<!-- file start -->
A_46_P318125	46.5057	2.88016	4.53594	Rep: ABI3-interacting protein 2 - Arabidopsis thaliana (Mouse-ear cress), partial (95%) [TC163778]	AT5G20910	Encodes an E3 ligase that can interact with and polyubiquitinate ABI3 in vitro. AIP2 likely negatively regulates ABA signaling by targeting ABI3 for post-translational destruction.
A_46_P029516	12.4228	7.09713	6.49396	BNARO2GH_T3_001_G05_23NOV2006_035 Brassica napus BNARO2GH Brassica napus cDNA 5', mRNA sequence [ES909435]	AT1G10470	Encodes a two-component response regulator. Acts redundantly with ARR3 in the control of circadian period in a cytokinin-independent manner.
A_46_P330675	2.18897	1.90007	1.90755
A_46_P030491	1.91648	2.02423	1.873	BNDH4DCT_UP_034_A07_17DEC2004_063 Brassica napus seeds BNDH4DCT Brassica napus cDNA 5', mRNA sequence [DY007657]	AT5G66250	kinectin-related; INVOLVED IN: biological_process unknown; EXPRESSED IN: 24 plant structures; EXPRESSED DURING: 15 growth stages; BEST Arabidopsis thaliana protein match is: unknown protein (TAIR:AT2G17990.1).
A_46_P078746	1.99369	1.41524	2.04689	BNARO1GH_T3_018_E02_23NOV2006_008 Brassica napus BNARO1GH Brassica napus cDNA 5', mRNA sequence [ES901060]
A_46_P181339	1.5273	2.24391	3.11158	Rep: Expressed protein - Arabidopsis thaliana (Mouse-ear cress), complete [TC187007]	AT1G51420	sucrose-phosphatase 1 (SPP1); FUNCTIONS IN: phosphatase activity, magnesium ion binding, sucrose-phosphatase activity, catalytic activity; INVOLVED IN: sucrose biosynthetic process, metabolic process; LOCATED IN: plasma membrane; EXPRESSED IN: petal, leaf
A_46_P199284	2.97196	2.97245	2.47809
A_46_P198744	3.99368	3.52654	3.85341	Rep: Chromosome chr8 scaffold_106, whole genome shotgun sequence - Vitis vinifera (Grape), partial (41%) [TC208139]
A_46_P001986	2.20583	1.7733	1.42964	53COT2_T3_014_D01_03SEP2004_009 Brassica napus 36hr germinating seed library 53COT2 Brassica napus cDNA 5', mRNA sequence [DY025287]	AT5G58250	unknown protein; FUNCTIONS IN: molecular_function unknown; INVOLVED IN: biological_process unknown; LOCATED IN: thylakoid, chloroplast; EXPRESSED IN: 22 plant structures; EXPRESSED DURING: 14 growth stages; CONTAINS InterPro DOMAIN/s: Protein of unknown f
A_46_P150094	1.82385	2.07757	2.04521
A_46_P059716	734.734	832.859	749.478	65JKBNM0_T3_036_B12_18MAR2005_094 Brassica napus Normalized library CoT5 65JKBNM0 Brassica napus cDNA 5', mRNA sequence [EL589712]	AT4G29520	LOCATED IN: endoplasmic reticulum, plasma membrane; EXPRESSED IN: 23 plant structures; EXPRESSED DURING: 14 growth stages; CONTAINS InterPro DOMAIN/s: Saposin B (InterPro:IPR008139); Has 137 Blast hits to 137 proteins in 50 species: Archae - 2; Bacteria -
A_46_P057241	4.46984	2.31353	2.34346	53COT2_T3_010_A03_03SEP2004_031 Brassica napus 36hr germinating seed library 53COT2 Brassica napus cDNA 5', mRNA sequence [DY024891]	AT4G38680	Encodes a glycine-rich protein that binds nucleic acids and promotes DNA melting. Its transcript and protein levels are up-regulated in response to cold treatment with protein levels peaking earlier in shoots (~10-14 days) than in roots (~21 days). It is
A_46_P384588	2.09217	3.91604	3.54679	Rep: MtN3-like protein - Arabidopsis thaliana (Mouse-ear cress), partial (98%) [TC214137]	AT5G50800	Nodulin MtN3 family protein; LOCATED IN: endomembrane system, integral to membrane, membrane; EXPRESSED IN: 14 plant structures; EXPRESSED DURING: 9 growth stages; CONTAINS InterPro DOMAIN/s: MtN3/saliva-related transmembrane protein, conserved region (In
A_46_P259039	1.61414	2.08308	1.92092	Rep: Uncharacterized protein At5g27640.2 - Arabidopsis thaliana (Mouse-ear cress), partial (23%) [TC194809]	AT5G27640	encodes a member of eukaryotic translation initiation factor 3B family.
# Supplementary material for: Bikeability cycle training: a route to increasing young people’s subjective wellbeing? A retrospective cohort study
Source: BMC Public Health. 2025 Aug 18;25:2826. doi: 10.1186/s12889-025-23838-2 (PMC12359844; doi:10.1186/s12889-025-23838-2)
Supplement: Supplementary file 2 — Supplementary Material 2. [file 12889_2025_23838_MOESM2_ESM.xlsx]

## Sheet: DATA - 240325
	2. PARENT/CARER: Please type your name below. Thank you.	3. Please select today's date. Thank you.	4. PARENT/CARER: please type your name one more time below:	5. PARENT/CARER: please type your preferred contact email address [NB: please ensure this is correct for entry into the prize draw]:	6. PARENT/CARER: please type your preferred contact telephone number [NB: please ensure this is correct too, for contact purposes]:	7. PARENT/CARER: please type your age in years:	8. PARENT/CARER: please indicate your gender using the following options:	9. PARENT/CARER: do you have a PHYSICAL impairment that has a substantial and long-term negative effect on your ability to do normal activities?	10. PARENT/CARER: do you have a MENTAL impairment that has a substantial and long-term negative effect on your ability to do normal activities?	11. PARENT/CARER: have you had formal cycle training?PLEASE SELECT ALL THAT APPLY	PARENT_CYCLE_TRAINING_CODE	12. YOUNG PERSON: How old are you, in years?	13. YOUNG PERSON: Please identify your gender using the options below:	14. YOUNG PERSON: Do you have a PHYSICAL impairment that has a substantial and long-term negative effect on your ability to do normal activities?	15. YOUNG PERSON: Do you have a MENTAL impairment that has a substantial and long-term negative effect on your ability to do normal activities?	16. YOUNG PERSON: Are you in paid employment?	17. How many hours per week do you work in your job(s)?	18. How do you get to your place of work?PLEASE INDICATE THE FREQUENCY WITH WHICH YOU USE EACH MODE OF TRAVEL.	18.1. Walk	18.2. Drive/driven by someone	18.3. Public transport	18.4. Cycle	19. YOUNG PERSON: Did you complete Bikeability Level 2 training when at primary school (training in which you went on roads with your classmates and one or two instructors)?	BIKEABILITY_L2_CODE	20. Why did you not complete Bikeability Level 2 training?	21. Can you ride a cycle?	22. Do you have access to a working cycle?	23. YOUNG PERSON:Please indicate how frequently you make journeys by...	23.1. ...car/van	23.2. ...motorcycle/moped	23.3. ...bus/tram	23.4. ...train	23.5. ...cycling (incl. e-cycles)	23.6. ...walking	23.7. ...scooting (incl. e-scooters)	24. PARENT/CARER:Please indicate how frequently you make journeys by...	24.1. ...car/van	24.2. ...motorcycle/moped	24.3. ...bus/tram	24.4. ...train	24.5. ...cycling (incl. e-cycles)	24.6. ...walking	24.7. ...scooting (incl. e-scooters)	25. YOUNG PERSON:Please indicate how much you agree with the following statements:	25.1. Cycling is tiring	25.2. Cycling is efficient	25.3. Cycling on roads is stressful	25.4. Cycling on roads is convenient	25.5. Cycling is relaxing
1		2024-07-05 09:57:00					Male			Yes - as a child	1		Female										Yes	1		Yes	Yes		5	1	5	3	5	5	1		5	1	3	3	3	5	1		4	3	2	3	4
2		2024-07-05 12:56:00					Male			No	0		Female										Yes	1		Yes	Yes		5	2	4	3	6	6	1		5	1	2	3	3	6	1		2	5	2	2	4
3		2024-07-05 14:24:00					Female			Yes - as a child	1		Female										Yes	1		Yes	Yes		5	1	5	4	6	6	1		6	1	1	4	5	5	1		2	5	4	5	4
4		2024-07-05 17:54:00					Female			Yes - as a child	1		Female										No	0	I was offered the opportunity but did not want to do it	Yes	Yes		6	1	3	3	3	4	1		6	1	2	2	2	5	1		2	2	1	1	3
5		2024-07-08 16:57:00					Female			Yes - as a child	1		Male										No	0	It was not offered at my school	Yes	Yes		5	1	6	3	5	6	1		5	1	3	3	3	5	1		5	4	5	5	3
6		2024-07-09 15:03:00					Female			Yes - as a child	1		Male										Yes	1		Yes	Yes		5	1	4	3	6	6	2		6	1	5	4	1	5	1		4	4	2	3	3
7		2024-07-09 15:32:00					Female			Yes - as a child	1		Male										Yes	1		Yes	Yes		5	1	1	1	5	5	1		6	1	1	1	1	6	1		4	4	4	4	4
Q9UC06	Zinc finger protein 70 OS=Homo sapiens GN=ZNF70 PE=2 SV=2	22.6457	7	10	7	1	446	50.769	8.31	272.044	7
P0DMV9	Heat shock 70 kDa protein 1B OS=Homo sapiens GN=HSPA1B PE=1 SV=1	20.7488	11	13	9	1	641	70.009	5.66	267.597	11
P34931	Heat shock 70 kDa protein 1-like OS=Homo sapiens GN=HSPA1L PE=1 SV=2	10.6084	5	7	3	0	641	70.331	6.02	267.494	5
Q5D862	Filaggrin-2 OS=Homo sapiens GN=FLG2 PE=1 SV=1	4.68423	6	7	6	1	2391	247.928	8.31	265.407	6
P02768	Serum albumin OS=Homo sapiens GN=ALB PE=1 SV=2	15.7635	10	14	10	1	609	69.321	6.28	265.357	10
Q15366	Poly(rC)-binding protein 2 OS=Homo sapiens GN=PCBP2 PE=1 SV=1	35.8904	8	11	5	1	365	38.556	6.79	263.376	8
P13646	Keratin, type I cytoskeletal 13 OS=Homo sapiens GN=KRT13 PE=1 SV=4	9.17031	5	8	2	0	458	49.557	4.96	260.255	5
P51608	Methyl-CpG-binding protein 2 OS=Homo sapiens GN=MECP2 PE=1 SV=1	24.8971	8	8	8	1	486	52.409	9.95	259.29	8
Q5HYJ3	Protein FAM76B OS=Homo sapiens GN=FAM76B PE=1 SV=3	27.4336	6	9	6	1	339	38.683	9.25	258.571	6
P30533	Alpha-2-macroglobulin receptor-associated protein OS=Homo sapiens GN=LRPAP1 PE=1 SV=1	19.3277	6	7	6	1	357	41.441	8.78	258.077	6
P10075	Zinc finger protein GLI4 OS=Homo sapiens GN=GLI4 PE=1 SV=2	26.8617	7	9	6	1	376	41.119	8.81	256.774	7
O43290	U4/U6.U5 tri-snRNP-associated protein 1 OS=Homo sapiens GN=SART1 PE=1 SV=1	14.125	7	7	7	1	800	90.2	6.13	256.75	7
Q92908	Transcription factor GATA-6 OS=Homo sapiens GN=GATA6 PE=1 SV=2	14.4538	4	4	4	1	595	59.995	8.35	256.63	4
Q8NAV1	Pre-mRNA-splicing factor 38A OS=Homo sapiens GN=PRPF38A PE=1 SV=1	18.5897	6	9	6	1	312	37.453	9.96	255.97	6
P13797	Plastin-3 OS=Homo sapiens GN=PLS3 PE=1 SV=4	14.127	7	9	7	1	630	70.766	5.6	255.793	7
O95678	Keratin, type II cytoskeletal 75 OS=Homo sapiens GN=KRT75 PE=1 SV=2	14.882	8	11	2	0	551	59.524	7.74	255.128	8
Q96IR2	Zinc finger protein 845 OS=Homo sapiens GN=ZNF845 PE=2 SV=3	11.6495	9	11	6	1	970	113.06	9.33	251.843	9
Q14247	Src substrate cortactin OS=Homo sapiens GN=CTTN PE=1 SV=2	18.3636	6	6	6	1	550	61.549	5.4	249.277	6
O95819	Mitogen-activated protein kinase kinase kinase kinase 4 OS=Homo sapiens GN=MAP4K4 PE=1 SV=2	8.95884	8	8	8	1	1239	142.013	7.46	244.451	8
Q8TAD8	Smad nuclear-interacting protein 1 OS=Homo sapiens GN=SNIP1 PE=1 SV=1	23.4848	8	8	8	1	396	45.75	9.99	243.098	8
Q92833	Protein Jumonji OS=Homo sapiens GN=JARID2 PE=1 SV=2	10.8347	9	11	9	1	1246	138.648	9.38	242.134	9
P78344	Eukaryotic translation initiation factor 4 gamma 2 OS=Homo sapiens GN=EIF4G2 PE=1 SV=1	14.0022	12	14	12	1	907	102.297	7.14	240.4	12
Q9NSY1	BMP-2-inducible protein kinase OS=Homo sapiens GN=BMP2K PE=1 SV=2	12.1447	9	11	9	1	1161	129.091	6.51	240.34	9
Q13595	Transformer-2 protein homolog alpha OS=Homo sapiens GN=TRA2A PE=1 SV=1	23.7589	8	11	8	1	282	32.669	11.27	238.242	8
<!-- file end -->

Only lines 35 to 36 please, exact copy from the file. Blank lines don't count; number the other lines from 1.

Q5HYJ3	Protein FAM76B OS=Homo sapiens GN=FAM76B PE=1 SV=3	27.4336	6	9	6	1	339	38.683	9.25	258.571	6
P30533	Alpha-2-macroglobulin receptor-associated protein OS=Homo sapiens GN=LRPAP1 PE=1 SV=1	19.3277	6	7	6	1	357	41.441	8.78	258.077	6